Keep in mind that choosing optimism doesn’t mean denying the negative or being inauthentic. You’re not going to wish traumatic events away with a lot of happy talk. Choosing optimism is about not letting the bad stuff overwhelm or deny the good. It’s about not allowing the negative to paralyze you or send you into a downward spiral. If you can maintain some degree of optimism, even when the circumstances are grim, you’re better able to manage situations and solve problems, not to mention keep your mood afloat. Another way to think of optimism is as a well-spring of creativity. Even a pessimist should be able to get behind that idea.

Note to self: track the good.

Your granny probably used to tell you to count your blessings. She was right, but I would also suggest that you write them down. When you make an actual note of the good things that happen, even, or maybe especially, the little stuff. It starts to add up. Meanwhile, you’re shifting the focus away from what you’re ‘missing.’ As you develop your optimism muscle, revisit your notes frequently to keep yourself connected to and mindful of all the positive moments that happen (no matter how small) each day.

Slow your (anger) roll.

The folks who are lousy at social distancing, refuse to wear a mask or don’t acknowledge there is racial injustice? Sure, you may want to express your anger at their inconsideration or lack of awareness, but to what end? Will it change their minds or behavior? Probably not, and you’ll likely raise the odds of having an ugly scene (and maybe your blood pressure). So, let it go, say a silent prayer for their continued good health, and keep moving forward with kindness, forgiveness and hope in your heart. Don’t allow someone else’s behavior to take you for a negative ride.

Seek, and you shall find that silver lining.

In tough times, the optimist looks for the proverbial silver lining, and so should you, even if you may need a microscope to find it. As you train yourself to find the good, you’re also learning to recover from setbacks more quickly, without getting stuck in feelings of fear, loss or regret. It may take some time and regular practice but you’ll find that future challenges become more surmountable, knowing you possess the skills to get through it. And, by all means, inspire yourself by reading the works of those who have struggled and triumphed over adversity in the past. Wise and compassionate teachers like Nelson Mandela, Mahatma Gandhi, and the Dalai Lama come to mind.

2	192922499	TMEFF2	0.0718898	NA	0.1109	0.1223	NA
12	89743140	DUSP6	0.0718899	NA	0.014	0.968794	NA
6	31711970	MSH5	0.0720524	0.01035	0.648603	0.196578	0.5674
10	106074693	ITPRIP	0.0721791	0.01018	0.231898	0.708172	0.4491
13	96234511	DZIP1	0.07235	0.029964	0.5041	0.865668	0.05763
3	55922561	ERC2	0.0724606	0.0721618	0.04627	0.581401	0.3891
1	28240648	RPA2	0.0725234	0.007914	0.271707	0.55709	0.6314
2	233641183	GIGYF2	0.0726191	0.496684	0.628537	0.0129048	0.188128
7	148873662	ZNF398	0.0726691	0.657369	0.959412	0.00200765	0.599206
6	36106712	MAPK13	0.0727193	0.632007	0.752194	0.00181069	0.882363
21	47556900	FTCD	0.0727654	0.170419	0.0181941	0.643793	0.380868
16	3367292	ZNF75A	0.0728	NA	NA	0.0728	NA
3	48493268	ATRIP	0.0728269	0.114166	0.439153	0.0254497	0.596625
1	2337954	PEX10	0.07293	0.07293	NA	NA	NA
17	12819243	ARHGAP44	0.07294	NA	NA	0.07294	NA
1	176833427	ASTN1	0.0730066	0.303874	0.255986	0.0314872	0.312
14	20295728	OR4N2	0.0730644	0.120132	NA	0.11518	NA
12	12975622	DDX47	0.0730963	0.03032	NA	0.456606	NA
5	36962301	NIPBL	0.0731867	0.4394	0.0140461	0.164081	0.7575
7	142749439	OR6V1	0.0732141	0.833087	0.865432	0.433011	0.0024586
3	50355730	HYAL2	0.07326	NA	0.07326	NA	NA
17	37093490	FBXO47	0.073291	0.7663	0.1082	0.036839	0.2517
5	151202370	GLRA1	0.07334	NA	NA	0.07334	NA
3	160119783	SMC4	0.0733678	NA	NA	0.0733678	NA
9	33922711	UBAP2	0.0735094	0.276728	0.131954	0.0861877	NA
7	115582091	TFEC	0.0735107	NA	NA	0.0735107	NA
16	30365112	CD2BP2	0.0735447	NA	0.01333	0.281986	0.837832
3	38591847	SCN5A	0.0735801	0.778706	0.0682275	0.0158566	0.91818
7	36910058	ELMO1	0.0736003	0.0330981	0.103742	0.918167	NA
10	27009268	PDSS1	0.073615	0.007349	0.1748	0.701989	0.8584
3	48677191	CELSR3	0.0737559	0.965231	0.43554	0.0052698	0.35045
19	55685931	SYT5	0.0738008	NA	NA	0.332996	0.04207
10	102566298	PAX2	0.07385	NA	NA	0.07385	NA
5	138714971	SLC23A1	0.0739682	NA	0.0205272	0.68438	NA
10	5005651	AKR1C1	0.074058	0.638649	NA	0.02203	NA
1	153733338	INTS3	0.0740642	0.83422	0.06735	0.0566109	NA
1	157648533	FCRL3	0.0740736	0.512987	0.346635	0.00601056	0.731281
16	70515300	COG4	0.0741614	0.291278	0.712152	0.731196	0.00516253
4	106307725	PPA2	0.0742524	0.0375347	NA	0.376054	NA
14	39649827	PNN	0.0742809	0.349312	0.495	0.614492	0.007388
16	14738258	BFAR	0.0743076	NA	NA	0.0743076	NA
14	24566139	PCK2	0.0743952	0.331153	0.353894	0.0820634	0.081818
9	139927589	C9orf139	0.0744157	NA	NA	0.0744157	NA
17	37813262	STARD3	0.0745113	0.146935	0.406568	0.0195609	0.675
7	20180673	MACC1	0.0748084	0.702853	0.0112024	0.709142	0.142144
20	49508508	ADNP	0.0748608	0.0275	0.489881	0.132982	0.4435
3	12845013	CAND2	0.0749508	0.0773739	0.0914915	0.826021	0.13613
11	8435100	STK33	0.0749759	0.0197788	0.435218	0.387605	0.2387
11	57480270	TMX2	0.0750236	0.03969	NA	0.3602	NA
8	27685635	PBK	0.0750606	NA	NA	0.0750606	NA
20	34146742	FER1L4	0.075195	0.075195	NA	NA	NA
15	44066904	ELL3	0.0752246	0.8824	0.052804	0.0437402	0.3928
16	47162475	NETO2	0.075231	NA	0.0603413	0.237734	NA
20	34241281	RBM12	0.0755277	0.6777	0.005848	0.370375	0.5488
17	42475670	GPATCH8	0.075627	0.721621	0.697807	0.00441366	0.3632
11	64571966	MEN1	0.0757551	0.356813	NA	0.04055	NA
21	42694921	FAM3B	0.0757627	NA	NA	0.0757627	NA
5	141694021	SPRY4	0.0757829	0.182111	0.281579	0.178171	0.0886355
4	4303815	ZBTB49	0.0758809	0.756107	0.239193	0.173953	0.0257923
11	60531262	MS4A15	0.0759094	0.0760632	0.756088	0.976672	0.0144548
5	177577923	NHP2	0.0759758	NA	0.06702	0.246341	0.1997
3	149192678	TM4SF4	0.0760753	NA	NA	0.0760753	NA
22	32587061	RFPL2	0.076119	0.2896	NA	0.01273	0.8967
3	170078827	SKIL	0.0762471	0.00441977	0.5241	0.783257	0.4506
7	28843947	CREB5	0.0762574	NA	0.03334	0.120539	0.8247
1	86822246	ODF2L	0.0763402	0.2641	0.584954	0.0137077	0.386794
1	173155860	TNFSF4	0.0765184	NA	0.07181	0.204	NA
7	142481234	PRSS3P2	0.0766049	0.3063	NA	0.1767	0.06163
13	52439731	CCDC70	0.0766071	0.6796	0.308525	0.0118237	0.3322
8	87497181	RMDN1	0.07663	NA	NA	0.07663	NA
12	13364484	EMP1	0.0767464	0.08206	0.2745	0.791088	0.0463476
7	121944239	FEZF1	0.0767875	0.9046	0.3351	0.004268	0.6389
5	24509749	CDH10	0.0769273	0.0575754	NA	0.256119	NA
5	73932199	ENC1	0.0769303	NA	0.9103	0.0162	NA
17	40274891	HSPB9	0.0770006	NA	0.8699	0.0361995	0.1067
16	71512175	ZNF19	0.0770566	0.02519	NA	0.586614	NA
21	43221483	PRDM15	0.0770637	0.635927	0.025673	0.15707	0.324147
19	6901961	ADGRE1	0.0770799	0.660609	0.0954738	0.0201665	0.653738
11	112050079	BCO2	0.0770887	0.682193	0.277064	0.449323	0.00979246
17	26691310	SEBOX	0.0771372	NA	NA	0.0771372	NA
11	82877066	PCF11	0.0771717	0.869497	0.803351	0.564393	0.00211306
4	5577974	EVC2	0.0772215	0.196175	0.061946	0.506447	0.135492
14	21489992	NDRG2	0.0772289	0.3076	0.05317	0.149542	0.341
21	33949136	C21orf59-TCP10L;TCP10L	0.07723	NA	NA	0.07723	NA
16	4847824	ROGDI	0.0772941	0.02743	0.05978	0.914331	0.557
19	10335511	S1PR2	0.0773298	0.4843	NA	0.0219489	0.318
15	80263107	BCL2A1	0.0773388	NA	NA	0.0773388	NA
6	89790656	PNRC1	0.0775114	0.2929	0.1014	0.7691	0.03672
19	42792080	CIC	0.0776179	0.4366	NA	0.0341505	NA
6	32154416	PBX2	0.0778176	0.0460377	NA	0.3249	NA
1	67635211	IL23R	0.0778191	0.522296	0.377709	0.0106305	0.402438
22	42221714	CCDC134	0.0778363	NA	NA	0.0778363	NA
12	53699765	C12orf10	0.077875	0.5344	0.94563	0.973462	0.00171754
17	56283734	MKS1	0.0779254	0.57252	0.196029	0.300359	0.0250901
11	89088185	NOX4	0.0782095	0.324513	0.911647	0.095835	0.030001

Keep hope alive.

As you view the past few months through the lens of optimism, you’ll appreciate that you’ve coped with everything the COVID-19 virus has thrown at you, safeguarding your health by staying home as much as possible, hand-washing, covering your mouth and nose in public and all the rest. So, keep up the positive mindset! I grew up in South Africa in the 60’s and 70’s, when no one imagined apartheid would ever end, and we all know it did. Work on internalizing the idea that the goodness in humanity will prevail, as will you, repeating it like a mantra every day if need be. Will there be dark days ahead? Of course, but there will be beautiful days too, and opportunities for joy too, so always strive to keep hope alive for as long as necessary, and beyond.

Infuse your day with optimism.

If you’re going to turn over an optimistic new leaf, you’ll need to minimize the time spent with media that can sometimes drag you down. It’s difficult, if not impossible, to cultivate optimism if you’re swimming in a sea of negative imagery. So, instead of playing aggressive video games, spending hours watching the news or posting vitriolic rants on Facebook, pull the negativity plug. Instead, refresh your spirit with media that uplifts – think music you enjoy, funny videos, classic comedy movies, whatever delights you. By all means, when it comes to the news of the day, stay informed, but manage your dose, and know when to retreat. An hour a day right now is fine. More than that, and a positive outlook will likely be a lot harder to cultivate.